Azerbaijan, Belarus pursue military cooperation

Thu 14 December 2017 14:09 GMT | 18:09 Local Time

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News.Az reprints from Jamestown.org the article titled 'Azerbaijan, Belarus pursue military cooperation' by Ilgar Gurbanov.

Azerbaijan’s Defense Minister Zakir Hasanov visited Belarus, on October 9–10, and toured local defense-industry enterprises to review modern military equipment that could help boost the capabilities of the Azerbaijani army (Mod.gov.az, October 8, 10). The Ministry of Defense released photos of Hasanov standing in front of the new Polonez multiple-launch rocket system (MLRS), the T38-Stiletto short-range air-defense system, radars and a communications jamming (electronic warfare) station—a clear indication of what Azerbaijan is interested in purchasing from Belarus.

Azerbaijani officials had previously reviewed Belarus’s advanced military technology, such as radars, scout surveillance devices and radio-communication jamming stations, during last year’s defense-industry exhibition in Baku (Bsvt.by, accessed December 12). Therefore, Hasanov’s latest visit to Belarus may have been the final stage of the bilateral dialogue—i.e., aimed at signing the necessary documents. Apparently, Minsk is willing to offer Baku access to its military equipment designs and modernized facilities; whereas Belarus’s defense industry might obtain investment support from Azerbaijan for joint development of new weapons (Belarus Digest, October 19; Vzglyad.az, October 23). Reportedly, the Azerbaijani defense minister was also interested in the results of last September’s joint Russian-Belarusian Zapad 2017 military exercises and the experience of Belarus’s military engineers (Sputnik.by, October 10).

According to the Stockholm International Peace Research Institute (SIPRI), in 2016 Azerbaijan bought weapons from Belarus for $170 million, which might include an advance payment for the Polonez (Naviny.by, October 22). Azerbaijan earlier also bought tanks, artillery, armored vehicles, aircraft, radio-technical reconnaissance as well as anti-aircraft/tank missile systems from Belarus. Belarusian companies, meanwhile, have modernized Azerbaijan’s Soviet-made surface-to-air and anti-aircraft missile systems (Armstrade.org, January 10, 2012).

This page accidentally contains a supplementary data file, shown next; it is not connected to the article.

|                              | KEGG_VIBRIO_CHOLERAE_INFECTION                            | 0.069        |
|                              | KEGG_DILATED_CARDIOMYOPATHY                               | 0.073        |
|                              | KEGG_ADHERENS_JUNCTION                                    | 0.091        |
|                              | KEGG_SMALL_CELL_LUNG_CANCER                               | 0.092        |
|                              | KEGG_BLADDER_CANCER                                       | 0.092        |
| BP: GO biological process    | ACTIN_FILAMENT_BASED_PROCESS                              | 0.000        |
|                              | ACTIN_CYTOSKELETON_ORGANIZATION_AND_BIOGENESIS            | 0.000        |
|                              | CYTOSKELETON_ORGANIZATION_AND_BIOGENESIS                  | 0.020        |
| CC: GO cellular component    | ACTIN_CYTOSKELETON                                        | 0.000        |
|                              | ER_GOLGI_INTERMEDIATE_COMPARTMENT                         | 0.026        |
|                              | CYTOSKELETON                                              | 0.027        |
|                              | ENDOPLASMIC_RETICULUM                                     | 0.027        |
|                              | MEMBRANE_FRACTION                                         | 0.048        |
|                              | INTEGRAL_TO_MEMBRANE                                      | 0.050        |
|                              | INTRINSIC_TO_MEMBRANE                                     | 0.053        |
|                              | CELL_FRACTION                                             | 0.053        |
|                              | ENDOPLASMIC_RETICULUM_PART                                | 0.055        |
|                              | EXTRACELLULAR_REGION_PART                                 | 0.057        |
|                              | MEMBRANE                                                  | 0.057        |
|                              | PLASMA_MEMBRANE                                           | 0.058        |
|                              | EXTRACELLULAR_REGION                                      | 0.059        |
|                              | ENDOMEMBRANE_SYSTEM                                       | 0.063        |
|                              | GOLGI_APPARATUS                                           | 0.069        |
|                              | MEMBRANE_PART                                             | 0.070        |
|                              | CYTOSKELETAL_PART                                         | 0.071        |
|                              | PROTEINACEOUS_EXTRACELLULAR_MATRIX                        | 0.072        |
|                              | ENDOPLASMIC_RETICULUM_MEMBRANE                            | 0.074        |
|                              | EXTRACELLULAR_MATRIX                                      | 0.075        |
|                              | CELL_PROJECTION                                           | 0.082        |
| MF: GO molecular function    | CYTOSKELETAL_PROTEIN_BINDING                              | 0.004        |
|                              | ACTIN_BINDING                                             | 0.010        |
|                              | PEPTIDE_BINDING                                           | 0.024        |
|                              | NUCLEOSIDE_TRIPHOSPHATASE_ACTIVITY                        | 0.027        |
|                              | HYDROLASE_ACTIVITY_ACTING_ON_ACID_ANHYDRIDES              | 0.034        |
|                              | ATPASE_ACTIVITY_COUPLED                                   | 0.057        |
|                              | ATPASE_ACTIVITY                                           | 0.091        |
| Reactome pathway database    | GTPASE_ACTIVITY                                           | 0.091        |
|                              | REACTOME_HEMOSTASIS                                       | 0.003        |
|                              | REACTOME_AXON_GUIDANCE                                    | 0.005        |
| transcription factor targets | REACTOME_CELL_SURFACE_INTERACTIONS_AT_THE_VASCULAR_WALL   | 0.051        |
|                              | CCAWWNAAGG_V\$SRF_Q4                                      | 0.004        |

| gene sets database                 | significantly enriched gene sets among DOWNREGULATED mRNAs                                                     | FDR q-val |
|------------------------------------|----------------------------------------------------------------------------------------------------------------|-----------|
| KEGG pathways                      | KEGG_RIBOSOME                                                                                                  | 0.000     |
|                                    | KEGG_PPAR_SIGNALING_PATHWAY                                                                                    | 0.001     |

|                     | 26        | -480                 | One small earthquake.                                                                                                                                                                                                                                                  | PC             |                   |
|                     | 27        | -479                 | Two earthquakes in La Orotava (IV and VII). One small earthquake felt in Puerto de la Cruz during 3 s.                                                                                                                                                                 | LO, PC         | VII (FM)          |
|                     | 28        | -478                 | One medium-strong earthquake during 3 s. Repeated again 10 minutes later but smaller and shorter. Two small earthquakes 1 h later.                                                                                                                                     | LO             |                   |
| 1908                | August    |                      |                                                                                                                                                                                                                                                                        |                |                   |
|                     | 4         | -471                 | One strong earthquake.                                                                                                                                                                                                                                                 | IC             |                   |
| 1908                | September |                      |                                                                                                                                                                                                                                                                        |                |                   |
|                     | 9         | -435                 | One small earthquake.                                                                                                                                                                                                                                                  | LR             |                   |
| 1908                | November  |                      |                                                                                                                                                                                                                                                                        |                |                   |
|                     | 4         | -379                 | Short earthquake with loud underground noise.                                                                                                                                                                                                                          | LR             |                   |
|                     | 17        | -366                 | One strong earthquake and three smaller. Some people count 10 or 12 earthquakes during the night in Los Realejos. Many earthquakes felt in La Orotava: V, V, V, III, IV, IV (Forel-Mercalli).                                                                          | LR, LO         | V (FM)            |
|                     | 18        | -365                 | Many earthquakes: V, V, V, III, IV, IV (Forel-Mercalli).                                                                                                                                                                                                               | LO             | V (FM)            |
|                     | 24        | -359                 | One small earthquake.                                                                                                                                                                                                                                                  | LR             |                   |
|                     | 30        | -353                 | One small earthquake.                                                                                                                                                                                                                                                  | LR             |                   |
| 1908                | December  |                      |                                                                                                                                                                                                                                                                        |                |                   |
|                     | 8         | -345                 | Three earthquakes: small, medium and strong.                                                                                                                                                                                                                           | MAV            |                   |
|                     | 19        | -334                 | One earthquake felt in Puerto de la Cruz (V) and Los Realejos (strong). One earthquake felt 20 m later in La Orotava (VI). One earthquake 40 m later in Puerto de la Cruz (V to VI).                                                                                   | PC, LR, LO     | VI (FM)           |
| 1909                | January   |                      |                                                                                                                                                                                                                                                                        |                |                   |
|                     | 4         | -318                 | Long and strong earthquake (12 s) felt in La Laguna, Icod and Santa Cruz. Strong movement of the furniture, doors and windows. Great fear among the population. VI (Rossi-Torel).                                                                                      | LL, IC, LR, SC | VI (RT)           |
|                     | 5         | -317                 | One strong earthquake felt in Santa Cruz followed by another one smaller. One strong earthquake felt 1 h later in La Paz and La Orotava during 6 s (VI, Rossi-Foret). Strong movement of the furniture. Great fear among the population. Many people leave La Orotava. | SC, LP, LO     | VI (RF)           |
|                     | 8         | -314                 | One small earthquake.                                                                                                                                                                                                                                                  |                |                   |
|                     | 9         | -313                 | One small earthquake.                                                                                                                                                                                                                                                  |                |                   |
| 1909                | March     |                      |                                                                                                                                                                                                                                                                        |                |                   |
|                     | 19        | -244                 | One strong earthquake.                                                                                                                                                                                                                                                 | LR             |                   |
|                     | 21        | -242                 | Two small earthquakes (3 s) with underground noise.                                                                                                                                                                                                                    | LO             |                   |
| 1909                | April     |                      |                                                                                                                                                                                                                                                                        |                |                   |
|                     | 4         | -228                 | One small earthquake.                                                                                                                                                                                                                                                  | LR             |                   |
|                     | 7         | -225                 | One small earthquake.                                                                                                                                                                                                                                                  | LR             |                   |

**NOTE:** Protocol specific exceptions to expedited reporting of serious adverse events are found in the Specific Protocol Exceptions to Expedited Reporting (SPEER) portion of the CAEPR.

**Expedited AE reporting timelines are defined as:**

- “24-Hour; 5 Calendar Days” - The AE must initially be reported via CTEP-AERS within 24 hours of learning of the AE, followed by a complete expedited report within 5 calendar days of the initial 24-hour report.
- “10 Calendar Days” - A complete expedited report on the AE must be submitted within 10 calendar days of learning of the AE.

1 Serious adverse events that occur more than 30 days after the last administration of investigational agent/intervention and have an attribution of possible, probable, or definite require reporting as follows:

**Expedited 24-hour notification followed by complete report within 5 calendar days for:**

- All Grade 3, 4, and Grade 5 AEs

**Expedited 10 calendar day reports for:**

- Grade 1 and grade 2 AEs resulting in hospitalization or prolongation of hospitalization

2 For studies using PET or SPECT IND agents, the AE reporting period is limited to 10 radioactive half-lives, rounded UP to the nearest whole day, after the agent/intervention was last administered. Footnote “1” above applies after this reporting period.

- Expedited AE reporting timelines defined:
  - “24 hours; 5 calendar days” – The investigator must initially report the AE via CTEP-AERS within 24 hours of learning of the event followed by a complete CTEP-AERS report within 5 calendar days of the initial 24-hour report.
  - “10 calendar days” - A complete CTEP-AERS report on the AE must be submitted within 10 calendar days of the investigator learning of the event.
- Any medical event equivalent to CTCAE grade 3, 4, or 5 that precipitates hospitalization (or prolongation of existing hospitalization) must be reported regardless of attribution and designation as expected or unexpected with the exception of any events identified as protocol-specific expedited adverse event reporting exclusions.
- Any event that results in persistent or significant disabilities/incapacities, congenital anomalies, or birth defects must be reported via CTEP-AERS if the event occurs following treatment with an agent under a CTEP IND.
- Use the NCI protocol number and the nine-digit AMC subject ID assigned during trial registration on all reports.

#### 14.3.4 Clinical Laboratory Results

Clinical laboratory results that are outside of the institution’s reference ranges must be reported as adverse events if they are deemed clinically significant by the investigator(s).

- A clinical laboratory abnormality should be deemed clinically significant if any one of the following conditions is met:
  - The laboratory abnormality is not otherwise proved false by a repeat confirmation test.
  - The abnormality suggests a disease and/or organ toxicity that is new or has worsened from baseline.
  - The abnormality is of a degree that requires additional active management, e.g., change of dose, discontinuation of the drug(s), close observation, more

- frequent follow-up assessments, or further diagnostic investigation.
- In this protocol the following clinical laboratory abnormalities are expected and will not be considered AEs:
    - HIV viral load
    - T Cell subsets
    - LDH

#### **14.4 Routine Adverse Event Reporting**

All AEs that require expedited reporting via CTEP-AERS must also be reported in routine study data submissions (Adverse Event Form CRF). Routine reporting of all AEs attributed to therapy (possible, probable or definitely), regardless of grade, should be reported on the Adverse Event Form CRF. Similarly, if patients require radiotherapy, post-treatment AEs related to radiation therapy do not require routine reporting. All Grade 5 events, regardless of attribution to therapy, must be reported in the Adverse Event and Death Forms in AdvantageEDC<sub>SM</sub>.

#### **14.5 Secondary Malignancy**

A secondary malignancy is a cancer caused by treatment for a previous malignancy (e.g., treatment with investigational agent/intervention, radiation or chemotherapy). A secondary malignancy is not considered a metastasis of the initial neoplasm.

After Russia’s refusal to sell the Iskander theater ballistic missile system to Belarus, Minsk developed an indigenous alternative—the Polonez MLRS—which reportedly outstrips Russia’s Uragan-1M and Smerch, Turkey’s Kasirga and Israel’s Lynx system in range and fire characteristics (Hvylya.net, June 18, 2016; Virtualaz.org, October 9, 2017; Belvpo.com, June 8, 2015). Although it is rocket artillery and not a ballistic missile launcher, the Polonez is sometimes compared to the Iskander system due its unique tactical-technical characteristics: an inertial guidance and correction system based on global navigation satellites, an unprecedented accuracy level for long-range target engagement (50–200/300 kilometers), missile warhead flexibility, remote-controlled commands, quick deployment, the ability to overcome missile/air-defense systems, tactical maneuverability in difficult geography, and superior target destruction (Army-technology.com, accessed October 3; Nevskii-bastion.ru, November 23; Vpk.gov.by, May 21, 30).

When Armenia acquired Iskanders from Russia last year, this did not radically alter the overall military balance in the South Caucasus, but it has accelerated the arms race with Azerbaijan (see EDM, September 28, 2016). The Azerbaijani media excitedly trumpeted Hasanov’s Belarus visit; while Armenian news sourced reacted with predictable panic that the Polonez would greatly enhance Azerbaijan’s combat potential in the light of the fluctuating regional military balance. Although Moscow supposedly assured Baku that the Armenian Iskanders would not be used against Azerbaijan nor deployed in the Karabakh region (Inosmi.ru, December 23, 2016; Nezavisimaya Gazeta, December 16, 2016), Azerbaijan intends to use the Polonez as a symmetrical response to Armenia (Belarusinfocus.info, December 5, 2016; RIA Novosti, November 17, 2016).